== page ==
Armoured Troops Visit The Reichskanzlei Garden

Four British soldiers, who are probably Royal Armoured Corps troops, visit the Reichskanzlei ("Reich Chancellery") garden, and examine the shallow trench where Adolf and Eva Hitler (nee Braun) were cremated after their suicides. The wall behind them separates the Chancellery garden from the Foreign Ministry. During the Potsdam Conference, the Chancellery and the Fuhrerbunker were popular tourist destination for Allied occupation forces. The 7th Armored Division led the British forces into their sector of Berlin on July 4, 1945. 7th Armoured Division tank commander Bill Bellamy was one of the first British officers to visit the Reich Chancellery after occupying the British sector. At the time, Allied troops could pass freely between what would become East and West Berlin. Bellamy later wrote, "We visited the Reichstag first; this was a total burned-out ruin but we saw the tower on which the famous photograph of the Russian soldiers hoisting the national flag was taken. Then on to the Reichskanzlei, walking up the wide ceremonial steps through the front door and into the spacious entrance hall. The building was wrecked, ripped by shellfire and showed graphically the intensity of the battle that was fought in and around it. A Russian guard was on duty at the door but he ignored us. We wandered into Hitler’s study, where only an empty desk remained, drawers scattered all over the floor, a huge stucco German eagle dominating the wall behind it. Then into other huge offices, everywhere the floors were littered with papers. There were thousands of cards and documents lying about everywhere, and a historian would have given his eyes to have been there to sort through them. Eventually we looked out of a window and saw a small garden at the back where, we had been told, Hitler’s bunker was sited and where the bodies of Hitler and Eve Braun were burned by his chauffeur after they had committed suicide. There was a Russian guard there who made it quite clear that it was ‘off limits’, swinging his gun towards us. We didn’t dally! It was an eerie building and I felt as if I had been present just after the sack of Rome by the Goths. There was something very unwholesome about it all, evil really, and the heavy humourless Russian presence didn’t do much to help. It was oppressive, and instinctively each of us wanted to return to the sunshine and to life outside." United Kingdom Prime Minister Winston Churchill arrived July 15, 1945 and visited the bunker on July 16. Accompanied by several generals and officers, he entered the bunker with his daughter Mary.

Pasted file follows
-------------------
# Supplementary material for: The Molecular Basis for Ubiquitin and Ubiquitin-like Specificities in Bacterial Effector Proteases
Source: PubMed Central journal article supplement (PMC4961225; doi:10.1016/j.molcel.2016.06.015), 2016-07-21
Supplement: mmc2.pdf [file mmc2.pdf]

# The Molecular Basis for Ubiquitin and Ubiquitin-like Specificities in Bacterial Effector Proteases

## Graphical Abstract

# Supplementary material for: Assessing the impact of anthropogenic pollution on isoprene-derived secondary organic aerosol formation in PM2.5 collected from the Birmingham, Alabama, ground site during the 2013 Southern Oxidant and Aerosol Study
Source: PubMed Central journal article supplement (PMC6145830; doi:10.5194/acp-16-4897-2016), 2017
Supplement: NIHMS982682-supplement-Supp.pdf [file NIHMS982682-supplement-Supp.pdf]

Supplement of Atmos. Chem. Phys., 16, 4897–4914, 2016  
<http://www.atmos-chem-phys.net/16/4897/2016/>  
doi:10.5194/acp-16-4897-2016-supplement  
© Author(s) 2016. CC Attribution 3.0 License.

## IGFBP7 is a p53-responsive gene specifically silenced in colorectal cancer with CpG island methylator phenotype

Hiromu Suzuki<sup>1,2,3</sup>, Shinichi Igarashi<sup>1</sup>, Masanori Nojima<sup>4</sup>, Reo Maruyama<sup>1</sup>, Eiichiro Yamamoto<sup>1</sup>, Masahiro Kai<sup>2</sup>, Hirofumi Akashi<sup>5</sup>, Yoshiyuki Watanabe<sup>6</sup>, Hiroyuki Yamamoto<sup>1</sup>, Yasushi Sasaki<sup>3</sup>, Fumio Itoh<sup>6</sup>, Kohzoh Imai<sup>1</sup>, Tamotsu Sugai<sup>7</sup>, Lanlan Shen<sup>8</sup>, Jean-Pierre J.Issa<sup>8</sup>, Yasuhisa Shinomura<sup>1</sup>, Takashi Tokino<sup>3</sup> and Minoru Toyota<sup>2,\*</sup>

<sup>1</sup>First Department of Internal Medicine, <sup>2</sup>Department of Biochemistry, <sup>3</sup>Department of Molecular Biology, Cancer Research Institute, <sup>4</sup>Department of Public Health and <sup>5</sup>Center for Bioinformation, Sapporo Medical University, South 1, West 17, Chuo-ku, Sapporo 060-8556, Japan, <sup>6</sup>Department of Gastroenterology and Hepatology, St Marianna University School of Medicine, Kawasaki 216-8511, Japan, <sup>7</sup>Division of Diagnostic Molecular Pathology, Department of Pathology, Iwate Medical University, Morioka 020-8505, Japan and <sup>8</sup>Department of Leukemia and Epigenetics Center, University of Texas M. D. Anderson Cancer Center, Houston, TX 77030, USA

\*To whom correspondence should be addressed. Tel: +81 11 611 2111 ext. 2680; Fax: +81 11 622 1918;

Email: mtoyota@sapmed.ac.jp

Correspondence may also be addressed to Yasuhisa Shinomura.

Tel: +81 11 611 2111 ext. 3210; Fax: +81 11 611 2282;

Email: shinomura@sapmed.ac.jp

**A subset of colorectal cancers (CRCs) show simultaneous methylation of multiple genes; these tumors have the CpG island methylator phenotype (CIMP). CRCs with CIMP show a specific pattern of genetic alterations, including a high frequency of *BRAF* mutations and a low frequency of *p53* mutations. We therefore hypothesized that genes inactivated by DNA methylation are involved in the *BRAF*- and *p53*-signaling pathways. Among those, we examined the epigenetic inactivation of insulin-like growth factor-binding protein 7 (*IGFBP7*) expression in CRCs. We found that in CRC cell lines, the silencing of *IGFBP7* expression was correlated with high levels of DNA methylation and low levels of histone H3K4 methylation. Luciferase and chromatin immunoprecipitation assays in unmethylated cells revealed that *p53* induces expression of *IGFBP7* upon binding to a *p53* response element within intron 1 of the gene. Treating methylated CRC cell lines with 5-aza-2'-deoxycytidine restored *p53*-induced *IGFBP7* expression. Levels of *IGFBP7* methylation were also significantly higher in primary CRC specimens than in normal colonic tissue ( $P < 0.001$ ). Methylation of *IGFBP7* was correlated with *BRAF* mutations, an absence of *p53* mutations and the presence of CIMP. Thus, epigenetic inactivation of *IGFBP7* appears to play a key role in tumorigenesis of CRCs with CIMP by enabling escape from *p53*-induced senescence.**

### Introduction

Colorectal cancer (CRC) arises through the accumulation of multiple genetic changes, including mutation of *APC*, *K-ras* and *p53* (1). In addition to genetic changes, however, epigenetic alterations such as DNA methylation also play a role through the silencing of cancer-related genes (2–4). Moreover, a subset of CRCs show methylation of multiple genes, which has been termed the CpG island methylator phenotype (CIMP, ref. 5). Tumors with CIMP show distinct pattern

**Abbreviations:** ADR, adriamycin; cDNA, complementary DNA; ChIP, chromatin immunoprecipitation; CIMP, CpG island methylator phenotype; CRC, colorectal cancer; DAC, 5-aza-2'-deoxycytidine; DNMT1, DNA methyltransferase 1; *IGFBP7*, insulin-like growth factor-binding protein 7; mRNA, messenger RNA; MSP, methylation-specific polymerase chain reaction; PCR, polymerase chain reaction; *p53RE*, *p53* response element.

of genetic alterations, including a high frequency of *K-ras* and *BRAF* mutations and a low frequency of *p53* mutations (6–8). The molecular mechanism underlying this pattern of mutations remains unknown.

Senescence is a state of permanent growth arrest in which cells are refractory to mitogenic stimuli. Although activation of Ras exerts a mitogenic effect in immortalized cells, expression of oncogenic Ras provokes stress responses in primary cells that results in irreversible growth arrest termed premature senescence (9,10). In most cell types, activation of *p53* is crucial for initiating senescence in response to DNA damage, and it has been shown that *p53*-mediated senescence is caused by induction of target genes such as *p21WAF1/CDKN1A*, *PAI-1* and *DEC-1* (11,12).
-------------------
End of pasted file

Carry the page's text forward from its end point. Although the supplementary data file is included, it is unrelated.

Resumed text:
Caption Written By: 
Jason McDonald
Reichskanzlei Garden